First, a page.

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|Title: ||The Developmental History of a Cupriferous Swamp in Southeastern New Brunswick, Canada|
|Authors: ||MacDonald, Stacey|
|Approved Date: ||30-Sep-2010 |
|Date Submitted: ||2010 |
|Abstract: ||Cupriferous swamps are characterized by high concentrations of copper in the soil and water. The Aboushagan swamp, situated 8km northwest of Sackville, New Brunswick is a unique metalliferous wetland where copper is naturally sequestered in the peat without having a significant negative effect on the vegetation. This paleoecological history of this region is not well known and few studies have attempted to characterize the local vegetation trends. This study investigates the post-glacial vegetation history of the swamp as well as any relationship it may have with the copper present in the peat.
Surface peats (dry weight) have previously been found to contain up to 10% copper. This study found Cu content in two peat cores ranged from trace values to a high of 4800 µg/g and 25 000 µg/g (0.48 and 2.5 % dry weight copper). Despite the increased values, there was no detectable change in pollen due to copper concentration and any increase of copper in the peat material is likely a result of post depositional hydrological processes transporting copper into the layers of peat where it is being sequestered in the organic material and never becoming bioavailable to the surface vegetation.
Pollen revealed that following deglaciation, the Aboushagan swamp began to develop as a rich fen around 10.7 ka BP that transitioned into a poor fen with Sphagnum around 9.9 ka BP as the wetland basin filled in. Around 8290 ka BP, temperatures warmed and the soil dried up leading to more canopy cover and fern abundance which yielded a mixed coniferous-deciduous swamp with Sphagnum in the understory that persisted until approximately 1.4 ka BP. Maritime vegetation trends in other studies describe a pine maxima (7.5 ka BP) and hemlock maxima (6.5-4.5 ka BP), neither of which were not found in the pollen record here due to a lack of peat accumulation between 8290 and 4350 ka BP. This is likely due to a regional climatic change that increased temperatures and decreased summer precipitation between 8 and 4 ka BP. In the last 1.5ka BP, the swamp has been dominated by spruce but other trees such as pine, fir, and birch have grown in abundance in the last few hundred years. A decrease in overall pollen abundance and concentration near the top of the core may be evidence for the little ice age event (1450 cal years BP).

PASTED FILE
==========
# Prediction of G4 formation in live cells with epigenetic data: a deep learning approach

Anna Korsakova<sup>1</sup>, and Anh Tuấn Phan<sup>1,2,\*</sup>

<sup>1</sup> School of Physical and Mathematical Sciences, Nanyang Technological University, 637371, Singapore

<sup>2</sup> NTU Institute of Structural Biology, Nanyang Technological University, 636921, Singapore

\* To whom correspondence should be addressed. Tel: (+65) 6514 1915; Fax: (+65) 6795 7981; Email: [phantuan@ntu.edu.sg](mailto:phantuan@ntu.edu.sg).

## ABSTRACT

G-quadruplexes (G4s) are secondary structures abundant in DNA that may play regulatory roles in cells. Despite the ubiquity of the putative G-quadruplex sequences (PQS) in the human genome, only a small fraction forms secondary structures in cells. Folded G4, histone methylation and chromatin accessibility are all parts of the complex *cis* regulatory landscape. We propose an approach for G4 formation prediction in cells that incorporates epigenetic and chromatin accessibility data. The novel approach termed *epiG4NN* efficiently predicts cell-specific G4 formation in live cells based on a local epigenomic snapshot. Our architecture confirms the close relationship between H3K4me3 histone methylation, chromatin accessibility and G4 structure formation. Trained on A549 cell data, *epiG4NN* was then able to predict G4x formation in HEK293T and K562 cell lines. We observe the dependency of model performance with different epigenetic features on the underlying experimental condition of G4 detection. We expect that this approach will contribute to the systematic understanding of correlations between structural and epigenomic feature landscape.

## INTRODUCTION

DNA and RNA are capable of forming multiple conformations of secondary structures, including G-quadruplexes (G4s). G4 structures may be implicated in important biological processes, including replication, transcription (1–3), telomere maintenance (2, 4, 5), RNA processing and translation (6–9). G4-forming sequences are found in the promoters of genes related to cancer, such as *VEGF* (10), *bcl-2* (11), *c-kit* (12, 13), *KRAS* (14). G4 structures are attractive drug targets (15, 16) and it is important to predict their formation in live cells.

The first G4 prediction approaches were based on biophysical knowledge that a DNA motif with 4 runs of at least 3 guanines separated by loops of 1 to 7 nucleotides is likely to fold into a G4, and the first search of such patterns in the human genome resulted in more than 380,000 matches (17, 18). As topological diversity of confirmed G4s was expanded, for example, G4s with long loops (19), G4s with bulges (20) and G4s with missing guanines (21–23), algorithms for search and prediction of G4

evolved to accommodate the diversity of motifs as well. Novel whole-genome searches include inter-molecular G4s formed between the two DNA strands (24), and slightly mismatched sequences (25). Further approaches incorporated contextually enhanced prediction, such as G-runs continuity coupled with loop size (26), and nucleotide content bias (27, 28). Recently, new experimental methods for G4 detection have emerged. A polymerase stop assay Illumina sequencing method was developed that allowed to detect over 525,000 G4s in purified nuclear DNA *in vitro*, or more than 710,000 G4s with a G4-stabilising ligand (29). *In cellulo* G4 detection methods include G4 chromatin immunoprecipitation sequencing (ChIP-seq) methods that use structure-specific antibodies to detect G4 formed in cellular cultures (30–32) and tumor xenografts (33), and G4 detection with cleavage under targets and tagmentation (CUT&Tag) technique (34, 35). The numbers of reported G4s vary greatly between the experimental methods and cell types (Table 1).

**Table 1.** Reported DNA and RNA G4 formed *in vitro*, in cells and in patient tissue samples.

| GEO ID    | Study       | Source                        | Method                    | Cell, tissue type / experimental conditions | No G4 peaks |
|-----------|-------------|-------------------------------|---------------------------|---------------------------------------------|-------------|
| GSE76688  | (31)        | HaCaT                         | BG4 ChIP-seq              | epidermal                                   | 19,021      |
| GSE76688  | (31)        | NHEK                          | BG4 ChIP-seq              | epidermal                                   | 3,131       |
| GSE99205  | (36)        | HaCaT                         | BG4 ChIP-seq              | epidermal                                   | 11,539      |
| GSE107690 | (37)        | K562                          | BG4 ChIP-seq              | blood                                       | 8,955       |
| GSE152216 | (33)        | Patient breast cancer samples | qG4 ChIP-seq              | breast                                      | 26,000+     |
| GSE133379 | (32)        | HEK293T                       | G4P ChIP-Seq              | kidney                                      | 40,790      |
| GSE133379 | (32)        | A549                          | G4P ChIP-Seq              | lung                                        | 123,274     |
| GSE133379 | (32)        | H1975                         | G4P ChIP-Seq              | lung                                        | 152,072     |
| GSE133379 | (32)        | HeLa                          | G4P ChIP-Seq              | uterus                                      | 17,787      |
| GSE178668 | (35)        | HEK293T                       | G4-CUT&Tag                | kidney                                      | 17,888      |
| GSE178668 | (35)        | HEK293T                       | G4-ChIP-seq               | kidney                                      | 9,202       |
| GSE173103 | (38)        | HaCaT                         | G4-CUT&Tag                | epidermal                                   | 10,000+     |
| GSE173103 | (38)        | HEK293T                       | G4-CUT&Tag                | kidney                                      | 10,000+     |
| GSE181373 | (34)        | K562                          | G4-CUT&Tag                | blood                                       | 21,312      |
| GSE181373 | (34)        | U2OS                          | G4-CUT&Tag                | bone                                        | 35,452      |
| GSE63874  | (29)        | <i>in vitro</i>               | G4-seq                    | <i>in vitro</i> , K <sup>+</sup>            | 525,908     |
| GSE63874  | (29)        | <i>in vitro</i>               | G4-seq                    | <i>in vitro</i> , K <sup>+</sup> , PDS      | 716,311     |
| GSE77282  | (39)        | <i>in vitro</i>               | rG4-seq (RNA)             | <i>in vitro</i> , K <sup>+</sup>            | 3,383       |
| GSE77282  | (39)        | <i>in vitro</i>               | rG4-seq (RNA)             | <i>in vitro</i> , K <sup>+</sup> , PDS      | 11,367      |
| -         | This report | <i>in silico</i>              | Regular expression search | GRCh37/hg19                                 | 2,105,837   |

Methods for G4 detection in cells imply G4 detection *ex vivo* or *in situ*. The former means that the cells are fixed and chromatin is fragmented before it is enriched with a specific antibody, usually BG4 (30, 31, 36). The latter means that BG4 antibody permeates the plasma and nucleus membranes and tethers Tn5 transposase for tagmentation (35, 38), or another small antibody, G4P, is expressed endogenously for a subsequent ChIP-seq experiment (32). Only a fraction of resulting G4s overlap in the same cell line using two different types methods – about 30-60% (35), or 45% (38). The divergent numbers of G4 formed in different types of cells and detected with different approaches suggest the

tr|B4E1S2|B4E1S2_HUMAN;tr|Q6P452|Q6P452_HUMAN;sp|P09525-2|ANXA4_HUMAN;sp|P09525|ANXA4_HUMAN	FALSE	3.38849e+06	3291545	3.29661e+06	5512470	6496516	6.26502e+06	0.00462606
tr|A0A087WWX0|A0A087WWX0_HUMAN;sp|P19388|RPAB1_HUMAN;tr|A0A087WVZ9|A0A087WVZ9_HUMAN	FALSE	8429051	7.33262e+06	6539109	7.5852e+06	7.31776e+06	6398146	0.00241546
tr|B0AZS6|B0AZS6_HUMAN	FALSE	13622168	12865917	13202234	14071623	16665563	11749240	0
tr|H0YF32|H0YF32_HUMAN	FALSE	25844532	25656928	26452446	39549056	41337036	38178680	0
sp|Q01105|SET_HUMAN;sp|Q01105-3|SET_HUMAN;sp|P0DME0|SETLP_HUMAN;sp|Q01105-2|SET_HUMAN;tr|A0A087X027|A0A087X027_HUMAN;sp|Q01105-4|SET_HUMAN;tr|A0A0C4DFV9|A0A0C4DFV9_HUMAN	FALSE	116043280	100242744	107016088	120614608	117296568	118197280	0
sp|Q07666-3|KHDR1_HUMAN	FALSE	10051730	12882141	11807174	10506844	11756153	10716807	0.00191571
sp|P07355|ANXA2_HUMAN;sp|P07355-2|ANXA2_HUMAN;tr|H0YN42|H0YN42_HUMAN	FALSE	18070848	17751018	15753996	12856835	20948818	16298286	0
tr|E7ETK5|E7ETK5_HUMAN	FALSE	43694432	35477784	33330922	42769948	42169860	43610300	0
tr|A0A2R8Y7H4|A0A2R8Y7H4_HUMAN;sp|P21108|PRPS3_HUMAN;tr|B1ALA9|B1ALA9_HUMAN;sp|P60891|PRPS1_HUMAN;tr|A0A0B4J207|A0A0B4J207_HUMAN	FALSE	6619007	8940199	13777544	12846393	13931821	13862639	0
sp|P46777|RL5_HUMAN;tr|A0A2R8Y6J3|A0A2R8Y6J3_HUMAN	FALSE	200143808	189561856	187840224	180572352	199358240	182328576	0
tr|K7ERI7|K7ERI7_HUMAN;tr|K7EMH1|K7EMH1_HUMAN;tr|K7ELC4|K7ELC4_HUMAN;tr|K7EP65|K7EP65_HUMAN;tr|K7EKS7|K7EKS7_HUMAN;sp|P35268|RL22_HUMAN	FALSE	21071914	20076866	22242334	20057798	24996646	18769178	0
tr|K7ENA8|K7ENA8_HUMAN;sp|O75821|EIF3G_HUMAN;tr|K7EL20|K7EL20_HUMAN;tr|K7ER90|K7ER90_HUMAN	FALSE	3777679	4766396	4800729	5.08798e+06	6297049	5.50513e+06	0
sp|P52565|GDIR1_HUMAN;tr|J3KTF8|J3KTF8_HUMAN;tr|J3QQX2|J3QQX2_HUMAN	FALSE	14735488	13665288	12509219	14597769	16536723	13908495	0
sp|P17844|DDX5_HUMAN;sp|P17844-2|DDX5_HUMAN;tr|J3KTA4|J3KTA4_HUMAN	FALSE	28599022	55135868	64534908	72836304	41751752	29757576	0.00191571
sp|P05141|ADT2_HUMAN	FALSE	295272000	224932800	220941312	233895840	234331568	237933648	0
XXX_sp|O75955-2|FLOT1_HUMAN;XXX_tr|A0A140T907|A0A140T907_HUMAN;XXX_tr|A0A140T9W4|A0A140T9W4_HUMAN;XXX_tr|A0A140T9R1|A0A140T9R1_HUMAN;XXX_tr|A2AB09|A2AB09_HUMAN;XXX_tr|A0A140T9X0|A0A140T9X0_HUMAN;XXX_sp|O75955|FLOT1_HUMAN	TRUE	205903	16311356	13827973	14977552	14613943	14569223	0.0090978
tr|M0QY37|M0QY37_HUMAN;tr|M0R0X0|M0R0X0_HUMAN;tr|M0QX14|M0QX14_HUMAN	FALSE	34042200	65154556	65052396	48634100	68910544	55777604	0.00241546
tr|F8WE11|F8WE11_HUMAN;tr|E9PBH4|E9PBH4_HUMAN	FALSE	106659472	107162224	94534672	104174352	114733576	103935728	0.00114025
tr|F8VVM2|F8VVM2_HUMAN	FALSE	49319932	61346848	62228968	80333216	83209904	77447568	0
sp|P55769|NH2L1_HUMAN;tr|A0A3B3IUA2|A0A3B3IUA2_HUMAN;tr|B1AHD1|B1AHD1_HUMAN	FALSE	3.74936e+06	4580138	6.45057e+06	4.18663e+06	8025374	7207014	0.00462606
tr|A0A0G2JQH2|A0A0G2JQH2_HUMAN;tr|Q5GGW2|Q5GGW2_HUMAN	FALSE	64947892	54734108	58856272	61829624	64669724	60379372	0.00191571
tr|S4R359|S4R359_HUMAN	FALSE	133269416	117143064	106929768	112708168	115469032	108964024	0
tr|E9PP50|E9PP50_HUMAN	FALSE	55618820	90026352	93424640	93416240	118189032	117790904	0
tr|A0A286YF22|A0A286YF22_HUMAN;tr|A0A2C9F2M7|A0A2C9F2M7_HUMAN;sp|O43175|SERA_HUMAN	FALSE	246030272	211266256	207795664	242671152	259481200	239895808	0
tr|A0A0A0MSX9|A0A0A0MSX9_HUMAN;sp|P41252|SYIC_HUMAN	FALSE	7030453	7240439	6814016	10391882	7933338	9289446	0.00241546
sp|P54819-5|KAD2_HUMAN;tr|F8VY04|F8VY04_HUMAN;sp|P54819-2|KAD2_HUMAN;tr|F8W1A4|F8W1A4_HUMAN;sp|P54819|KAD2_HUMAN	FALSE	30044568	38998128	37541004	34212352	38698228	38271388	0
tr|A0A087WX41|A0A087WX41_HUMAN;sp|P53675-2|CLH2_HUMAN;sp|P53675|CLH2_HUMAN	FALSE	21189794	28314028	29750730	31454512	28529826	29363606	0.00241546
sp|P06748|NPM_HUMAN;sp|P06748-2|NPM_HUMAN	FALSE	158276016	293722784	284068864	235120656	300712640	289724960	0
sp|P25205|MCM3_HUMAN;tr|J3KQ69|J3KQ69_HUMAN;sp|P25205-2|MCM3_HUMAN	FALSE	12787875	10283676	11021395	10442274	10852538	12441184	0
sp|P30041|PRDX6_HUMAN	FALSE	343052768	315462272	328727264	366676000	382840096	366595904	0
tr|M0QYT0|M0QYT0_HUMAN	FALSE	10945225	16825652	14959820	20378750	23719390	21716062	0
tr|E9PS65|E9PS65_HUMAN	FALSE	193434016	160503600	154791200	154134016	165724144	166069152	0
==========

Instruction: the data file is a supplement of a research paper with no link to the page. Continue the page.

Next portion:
Today the swamp is a typical mixed coniferous-deciduous swamp with Picea mariana, Larix laricina, Acer rubrum, and Abies balsamea.
An understanding of the swamp’s ability to sequester copper from becoming bioavailable has implications for the rehabilitation of contaminated industrial landscapes with wetland technologies. This study also highlights the high sensitivity with which wetlands can be used to detect and differentiate between autogenic (local) and allogenic (regional) climatic and vegetation changes while describing the vegetation community succession in the Aboushagan basin since the last deglaciation.|
|Program: ||Earth Sciences|
|Department: ||Earth Sciences|
|Degree: ||Master of Science|
|Appears in Collections:||Electronic Theses and Dissertations (UW)|
Faculty of Science Theses and Dissertations
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